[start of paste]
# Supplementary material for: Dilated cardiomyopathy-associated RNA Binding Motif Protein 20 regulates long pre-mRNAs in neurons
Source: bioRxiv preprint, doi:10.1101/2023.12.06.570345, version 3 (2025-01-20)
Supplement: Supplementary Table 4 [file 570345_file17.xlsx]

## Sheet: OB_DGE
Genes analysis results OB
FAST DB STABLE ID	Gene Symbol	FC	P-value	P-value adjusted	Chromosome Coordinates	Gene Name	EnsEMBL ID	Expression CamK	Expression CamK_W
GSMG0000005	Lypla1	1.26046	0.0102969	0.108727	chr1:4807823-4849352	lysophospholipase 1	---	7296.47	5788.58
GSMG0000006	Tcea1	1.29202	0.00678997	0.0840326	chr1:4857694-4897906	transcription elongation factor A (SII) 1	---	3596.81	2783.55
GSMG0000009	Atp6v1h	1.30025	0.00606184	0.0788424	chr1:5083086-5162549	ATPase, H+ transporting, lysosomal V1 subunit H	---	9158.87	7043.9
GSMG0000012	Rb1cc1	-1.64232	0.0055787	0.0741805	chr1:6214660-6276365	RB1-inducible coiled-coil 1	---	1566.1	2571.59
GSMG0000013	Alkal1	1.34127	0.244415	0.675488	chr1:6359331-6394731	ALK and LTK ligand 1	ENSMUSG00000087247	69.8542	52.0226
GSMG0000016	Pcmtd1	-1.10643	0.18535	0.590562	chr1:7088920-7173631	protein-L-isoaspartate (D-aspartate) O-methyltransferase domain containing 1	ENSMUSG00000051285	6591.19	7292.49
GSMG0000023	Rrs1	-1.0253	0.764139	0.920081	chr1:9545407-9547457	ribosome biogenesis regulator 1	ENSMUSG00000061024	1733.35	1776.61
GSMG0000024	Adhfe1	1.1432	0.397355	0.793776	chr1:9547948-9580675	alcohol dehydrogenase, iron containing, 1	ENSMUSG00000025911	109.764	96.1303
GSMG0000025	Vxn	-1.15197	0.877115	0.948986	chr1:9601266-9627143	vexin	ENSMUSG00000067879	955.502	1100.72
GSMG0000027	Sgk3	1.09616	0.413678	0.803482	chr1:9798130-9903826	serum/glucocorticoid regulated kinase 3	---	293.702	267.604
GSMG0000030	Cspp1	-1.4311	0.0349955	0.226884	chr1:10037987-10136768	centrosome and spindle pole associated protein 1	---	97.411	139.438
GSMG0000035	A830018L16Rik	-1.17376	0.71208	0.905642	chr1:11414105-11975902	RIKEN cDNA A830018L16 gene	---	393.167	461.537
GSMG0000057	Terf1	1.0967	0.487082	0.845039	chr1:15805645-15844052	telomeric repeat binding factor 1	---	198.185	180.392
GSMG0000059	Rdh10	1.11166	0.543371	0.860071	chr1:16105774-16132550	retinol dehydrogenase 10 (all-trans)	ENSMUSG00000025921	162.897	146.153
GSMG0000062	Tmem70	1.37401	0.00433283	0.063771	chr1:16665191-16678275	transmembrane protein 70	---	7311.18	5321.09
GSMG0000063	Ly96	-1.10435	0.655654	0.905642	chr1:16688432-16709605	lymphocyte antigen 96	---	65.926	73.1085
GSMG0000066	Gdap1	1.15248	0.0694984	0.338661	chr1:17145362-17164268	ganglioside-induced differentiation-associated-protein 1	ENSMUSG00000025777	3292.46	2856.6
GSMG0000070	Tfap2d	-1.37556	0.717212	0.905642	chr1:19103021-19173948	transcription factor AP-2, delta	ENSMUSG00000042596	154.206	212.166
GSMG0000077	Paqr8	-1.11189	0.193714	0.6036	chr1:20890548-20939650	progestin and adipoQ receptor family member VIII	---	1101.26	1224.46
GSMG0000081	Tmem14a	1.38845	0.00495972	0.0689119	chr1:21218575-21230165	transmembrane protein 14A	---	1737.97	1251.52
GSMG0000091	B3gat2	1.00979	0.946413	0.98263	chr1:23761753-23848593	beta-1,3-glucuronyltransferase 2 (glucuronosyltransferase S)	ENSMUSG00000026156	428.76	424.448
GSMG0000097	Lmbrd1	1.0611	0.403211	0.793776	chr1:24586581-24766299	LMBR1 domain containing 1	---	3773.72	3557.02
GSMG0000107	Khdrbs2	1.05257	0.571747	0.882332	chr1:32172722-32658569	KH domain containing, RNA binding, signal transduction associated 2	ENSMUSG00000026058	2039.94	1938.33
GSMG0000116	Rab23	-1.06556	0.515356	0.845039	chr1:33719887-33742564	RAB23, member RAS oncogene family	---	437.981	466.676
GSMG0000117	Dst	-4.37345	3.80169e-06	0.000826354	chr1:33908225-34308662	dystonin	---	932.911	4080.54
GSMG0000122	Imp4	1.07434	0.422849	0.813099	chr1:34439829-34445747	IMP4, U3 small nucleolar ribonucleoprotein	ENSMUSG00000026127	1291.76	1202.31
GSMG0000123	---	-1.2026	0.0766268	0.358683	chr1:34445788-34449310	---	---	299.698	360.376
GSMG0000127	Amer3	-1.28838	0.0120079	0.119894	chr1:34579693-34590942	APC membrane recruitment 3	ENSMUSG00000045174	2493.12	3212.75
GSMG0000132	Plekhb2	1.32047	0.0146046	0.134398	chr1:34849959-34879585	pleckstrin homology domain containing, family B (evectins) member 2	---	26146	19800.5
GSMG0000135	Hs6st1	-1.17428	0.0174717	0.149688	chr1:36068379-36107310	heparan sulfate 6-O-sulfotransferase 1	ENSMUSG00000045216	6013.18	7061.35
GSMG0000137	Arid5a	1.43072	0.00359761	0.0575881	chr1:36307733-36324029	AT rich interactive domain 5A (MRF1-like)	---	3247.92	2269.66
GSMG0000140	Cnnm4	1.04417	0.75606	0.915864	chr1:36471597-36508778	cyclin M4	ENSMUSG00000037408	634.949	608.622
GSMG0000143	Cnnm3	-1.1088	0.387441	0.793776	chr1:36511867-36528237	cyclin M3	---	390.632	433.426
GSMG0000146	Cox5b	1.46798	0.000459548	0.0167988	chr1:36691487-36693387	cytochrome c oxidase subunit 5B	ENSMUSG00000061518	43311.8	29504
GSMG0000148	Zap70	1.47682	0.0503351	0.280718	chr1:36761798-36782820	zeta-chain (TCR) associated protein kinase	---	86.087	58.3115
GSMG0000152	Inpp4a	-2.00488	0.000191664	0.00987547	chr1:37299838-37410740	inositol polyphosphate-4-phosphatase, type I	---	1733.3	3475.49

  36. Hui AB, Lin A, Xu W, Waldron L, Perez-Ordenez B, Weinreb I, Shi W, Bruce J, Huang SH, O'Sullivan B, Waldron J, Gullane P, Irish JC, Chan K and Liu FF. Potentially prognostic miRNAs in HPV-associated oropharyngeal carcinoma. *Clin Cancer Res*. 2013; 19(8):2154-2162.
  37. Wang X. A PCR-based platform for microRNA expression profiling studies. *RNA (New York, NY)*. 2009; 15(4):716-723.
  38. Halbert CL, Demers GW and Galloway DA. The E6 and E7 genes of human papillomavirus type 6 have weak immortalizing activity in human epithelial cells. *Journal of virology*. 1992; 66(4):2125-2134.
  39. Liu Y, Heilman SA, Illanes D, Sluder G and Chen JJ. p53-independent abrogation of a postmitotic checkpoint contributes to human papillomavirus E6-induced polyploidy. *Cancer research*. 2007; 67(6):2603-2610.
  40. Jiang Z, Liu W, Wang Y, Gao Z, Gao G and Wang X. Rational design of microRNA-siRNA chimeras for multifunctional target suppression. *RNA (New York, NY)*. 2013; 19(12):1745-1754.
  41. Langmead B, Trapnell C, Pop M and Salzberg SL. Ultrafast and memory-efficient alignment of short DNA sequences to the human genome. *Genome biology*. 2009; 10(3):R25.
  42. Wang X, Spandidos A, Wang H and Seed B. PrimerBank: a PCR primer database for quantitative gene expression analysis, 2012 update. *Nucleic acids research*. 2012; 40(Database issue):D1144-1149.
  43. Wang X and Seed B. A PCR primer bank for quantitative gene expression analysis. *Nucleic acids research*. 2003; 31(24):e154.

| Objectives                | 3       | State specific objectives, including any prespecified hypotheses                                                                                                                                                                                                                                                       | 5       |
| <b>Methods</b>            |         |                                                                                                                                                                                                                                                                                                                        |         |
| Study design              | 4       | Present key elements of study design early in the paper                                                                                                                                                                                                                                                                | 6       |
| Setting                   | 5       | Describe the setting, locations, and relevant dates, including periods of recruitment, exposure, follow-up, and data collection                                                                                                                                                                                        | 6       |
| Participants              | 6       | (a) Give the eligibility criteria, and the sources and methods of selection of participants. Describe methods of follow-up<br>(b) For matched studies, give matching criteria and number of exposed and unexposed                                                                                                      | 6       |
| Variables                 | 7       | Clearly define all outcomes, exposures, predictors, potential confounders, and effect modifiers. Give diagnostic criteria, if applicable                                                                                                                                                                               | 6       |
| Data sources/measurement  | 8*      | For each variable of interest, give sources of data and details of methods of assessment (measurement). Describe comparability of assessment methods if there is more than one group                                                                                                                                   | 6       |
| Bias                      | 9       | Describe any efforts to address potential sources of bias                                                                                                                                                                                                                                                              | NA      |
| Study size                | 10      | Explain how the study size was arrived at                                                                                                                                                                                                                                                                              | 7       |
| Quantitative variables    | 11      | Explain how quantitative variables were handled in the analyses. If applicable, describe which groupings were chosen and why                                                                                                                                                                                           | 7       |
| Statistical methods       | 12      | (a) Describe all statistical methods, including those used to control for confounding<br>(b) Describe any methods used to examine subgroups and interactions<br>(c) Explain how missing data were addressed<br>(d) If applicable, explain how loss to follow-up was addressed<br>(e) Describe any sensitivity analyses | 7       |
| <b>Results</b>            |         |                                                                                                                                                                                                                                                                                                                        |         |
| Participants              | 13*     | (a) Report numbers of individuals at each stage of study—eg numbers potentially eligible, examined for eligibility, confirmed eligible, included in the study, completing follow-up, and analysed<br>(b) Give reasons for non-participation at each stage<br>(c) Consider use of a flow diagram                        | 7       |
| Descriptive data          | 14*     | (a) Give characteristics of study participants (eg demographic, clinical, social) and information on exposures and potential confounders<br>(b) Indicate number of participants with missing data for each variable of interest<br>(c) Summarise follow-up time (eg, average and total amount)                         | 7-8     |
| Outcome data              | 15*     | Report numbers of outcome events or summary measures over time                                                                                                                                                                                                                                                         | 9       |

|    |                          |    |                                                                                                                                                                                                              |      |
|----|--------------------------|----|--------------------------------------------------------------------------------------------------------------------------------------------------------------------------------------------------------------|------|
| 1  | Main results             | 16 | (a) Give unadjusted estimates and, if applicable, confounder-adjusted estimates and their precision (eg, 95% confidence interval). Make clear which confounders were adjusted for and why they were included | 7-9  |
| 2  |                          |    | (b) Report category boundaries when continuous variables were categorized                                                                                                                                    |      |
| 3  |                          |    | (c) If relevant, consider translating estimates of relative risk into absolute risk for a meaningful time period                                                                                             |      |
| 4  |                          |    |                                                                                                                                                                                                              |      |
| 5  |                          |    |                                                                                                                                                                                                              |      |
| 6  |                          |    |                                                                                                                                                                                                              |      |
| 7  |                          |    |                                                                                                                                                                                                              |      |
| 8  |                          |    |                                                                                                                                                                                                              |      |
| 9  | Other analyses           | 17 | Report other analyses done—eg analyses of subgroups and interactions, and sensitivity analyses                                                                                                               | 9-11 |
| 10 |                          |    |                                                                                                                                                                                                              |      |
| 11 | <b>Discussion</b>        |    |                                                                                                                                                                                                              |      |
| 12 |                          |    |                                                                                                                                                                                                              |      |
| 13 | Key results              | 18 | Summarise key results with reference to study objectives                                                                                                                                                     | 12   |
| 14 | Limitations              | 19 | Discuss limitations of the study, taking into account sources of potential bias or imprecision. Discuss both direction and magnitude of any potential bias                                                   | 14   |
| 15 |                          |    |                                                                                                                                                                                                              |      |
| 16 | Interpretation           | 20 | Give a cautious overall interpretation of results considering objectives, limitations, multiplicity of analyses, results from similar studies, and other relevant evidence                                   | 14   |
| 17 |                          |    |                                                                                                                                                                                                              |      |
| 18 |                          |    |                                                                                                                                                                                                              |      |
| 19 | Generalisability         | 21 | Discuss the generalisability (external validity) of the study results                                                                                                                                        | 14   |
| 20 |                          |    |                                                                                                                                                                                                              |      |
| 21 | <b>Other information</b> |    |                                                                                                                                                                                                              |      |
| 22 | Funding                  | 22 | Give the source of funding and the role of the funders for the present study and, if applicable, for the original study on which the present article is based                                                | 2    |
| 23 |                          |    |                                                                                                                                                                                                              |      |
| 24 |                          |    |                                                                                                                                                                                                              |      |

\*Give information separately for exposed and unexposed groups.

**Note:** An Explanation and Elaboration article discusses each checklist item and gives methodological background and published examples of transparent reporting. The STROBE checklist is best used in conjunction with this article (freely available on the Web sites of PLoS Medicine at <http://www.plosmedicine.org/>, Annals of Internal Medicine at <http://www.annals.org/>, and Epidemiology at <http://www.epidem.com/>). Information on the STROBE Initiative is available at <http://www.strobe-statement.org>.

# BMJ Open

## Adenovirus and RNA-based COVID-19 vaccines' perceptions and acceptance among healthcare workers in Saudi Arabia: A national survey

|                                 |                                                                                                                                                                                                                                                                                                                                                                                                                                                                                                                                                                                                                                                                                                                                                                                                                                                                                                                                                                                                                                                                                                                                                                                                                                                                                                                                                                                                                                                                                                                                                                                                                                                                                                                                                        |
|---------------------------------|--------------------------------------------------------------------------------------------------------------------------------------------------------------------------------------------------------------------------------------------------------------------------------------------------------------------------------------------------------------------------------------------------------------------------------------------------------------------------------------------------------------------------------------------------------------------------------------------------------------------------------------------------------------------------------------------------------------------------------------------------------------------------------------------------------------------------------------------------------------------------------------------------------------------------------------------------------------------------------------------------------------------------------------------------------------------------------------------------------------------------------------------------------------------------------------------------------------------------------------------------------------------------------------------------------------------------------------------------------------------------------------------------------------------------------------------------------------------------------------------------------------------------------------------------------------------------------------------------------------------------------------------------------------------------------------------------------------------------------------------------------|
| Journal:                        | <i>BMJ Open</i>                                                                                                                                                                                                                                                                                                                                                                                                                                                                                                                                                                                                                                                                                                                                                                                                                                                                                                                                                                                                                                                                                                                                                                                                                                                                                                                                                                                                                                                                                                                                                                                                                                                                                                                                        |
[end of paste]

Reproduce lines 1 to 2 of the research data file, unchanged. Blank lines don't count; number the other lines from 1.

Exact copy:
# Supplementary material for: Dilated cardiomyopathy-associated RNA Binding Motif Protein 20 regulates long pre-mRNAs in neurons
Source: bioRxiv preprint, doi:10.1101/2023.12.06.570345, version 3 (2025-01-20)